Cash Flow/Wise Debt Management
Reducing debt takes commitment, patience
While employment rates and stock prices have been dropping,
one thing has kept going up in America: debt. The trend began
in the 1990s, when the rate of personal bankruptcy in the
country rose by nearly 70 percent, and it continues today.
Regardless of the cause of debt - the most common is misuse
of credit - there are steps you can take to manage and overcome
There is no quick fix — getting out of debt requires
time and effort
- Take control. Review your records to
determine levels of income and expenses. In one column,
list all reliable monthly income, such as salary, pension,
or unemployment payments; add average amounts for additional,
less consistent sources of money. In a second column, list
all expenses. Start with major costs, like mortgage or rent,
utilities, food, transportation, credit card payments, etc.
Remember to include expenses that happen other than monthly,
like property taxes and insurance. Refer to bank statements
and purchase receipts; don't overlook cash expenditures.
- Create a budget. Based on income and
expenses, set up a budget that allocates monthly amounts
for all categories of spending. Eliminate unnecessary costs:
eat at home rather than dine out; rent movies rather than
go to movie theaters; cancel cable television service. Develop
a plan to pay off credit cards, especially those with high
interest rates. It's often a good idea to include the entire
family in the budgeting process since it will define the
scope of their purchases and activities.
- Improve the Balance. Re-examine the
numbers, looking for ways to increase income and further
trim expenses. Can another member of the family take on
a job? If you are renting, is it feasible to move to less
expensive housing? Determine if you are eligible for government
programs, such as unemployment benefits, food stamps or
housing programs. The Credit Union National Association
(CUNA) provides an online calculator to help you with financial
decisions. Go to the CUNA Web site at www.cuna.org/data/consumer/calc_debtsave.html.
- Contact your creditors. Speak directly
with the organizations to which you owe money. They may
be willing to arrange a payment schedule that enables you
to temporarily reduce monthly contributions. If you own
your home, ask your mortgage company about a forbearance
agreement, which can lower or eliminate payments for a set
period of time.
- Seek professional help. You may opt
to get help with your situation rather than handling the
details yourself. Assistance is available for little or
no cost through government programs or credit counseling
services, which will work with you to develop a long-term
plan to pay off debt, but may have implications on your
credit history. You may want to consult a financial advisor
for input and advice. Ask friends and relatives for recommendations
on advisors or contact professional associations, such as
the Financial Planning Association.
- Avoid predatory lending and money-making schemes.
Some lenders may prey on your vulnerability, offering easy
credit at exorbitant interest rates that can push your financial
situation to a critical point. Beware of "sure fire"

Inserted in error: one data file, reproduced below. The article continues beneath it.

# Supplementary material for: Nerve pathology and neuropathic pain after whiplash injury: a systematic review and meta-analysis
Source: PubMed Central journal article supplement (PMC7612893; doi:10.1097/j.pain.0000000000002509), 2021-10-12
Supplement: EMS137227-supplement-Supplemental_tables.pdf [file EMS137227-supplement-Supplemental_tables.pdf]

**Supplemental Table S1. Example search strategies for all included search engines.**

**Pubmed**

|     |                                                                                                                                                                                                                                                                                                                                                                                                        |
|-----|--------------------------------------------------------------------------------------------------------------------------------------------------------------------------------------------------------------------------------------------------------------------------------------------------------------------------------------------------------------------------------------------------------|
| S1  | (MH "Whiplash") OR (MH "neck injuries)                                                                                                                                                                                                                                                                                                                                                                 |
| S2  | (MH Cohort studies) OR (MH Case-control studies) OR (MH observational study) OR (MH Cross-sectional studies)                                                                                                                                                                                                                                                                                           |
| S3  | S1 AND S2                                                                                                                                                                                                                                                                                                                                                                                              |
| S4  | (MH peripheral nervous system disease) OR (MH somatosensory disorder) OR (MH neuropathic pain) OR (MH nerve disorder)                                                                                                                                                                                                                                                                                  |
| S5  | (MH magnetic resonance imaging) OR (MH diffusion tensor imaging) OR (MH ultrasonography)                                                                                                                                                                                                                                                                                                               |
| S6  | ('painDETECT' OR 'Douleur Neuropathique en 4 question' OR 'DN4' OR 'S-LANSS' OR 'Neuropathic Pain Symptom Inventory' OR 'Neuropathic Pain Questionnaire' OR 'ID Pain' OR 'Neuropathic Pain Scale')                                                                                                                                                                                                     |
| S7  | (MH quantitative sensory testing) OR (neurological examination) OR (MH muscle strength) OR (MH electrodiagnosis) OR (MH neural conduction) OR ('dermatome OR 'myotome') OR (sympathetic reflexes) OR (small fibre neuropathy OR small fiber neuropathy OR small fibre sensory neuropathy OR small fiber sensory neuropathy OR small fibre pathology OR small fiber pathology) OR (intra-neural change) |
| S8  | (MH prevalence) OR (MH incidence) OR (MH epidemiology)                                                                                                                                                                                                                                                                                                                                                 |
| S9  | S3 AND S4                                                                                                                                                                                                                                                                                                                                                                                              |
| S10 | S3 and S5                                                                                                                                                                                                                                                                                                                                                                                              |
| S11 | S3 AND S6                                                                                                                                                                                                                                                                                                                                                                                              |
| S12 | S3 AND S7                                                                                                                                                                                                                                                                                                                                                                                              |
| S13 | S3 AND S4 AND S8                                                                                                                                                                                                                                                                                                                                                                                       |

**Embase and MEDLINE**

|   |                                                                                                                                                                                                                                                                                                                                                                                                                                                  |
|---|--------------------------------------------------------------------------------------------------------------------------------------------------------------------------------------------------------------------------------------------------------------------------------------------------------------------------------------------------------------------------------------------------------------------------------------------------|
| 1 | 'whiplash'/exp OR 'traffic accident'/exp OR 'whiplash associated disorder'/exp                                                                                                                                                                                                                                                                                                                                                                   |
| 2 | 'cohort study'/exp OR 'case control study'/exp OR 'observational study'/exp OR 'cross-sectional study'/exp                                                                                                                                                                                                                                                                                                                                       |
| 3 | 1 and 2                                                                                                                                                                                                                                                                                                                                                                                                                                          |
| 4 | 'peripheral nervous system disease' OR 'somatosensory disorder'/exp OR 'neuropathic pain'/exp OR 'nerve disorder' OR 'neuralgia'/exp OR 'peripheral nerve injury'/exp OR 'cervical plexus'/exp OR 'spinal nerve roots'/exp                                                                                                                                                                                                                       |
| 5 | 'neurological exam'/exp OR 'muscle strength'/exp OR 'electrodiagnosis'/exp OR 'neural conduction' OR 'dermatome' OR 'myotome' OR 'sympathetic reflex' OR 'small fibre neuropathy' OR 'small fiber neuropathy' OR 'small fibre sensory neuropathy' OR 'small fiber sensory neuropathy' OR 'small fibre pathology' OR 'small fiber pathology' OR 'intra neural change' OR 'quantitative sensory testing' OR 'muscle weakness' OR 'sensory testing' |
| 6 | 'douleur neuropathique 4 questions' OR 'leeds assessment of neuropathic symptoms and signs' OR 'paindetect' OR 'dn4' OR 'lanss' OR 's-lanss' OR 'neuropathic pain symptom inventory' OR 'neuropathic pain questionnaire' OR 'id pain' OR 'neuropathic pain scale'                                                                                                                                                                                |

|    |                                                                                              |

investments that promise quick returns; if something sounds
too good to be true, it probably is. Stick with reputable
- Consumer Credit Information, FTC brochures online at www.ftc.gov./bcp/menu-credit.htm
- "Credit and Your Consumer Rights," Federal Trade
Commission (FTC) brochure online at www.ftc.gov/bcp/conline/pubs/credit/crdright.htm
- "Job Loss", National Endowment for Financial
Education brochure online at www.nefe.org/fple/joblosspage1.html.
- "Knowing and Understanding Your Credit," Fannie
Mae booklet available by calling 1-800-688-HOME
- "Prioritizing Debt: Which Bills do I Pay First?"
Northwest Justice Project brochure online at www.nwjustice.org/docs/0110.html
- Financial Planning Association (www.fpanet.org)
- Internal Revenue Service (www.irs.gov)
- National Endowment for Financial Education (www.nefe.org)
This info about reducing
debt provided by the Certified Financial Planner Board of
2003 - four great web sites for you
for Late Savers by National Endowment
for Financial Education® (NEFE). New online resource
“ Guidebook to Help Late Savers Prepare for Retirement”.
User-friendly. Outlines more than a dozen catch-up strategies
– especially for those 50 and older – who
have realized they haven’t saved enough for retirement.
Steps to a Better Financial Future”
by AARP (American Association of Retired Persons) has
developed interactive CD-ROM targeted to pre-retirees
(age 40-60) with limited or no knowledge of personal financial
issues. 10 modules. CD is free with $4.50 shipping charge.
Order information on web site.
|The Economic Education Newsletter is an online
education resource for K-12 teachers provided
by the Baltimore office, Federal Reserve Bank of Richmond.
Features information on high school and college contests,
teachers’ workshops and other education programs.
Offers web links to financial literacy. Can view previous
newsletters or subscribe.
|The Annie E. Casey Foundation (AECF) has launched a
Family Economic Success (FES) website to provide a more
comprehensive way to address
the difficulties low-income working families face in trying
to move up the economic ladder. FES uses
a three-pronged approach, using strategies for workforce
development, family economic support, and community investment.
The website offers information on a range of topics for
helping families and communities to build strong financial
futures for practitioners, researchers, policymakers,
and the general public.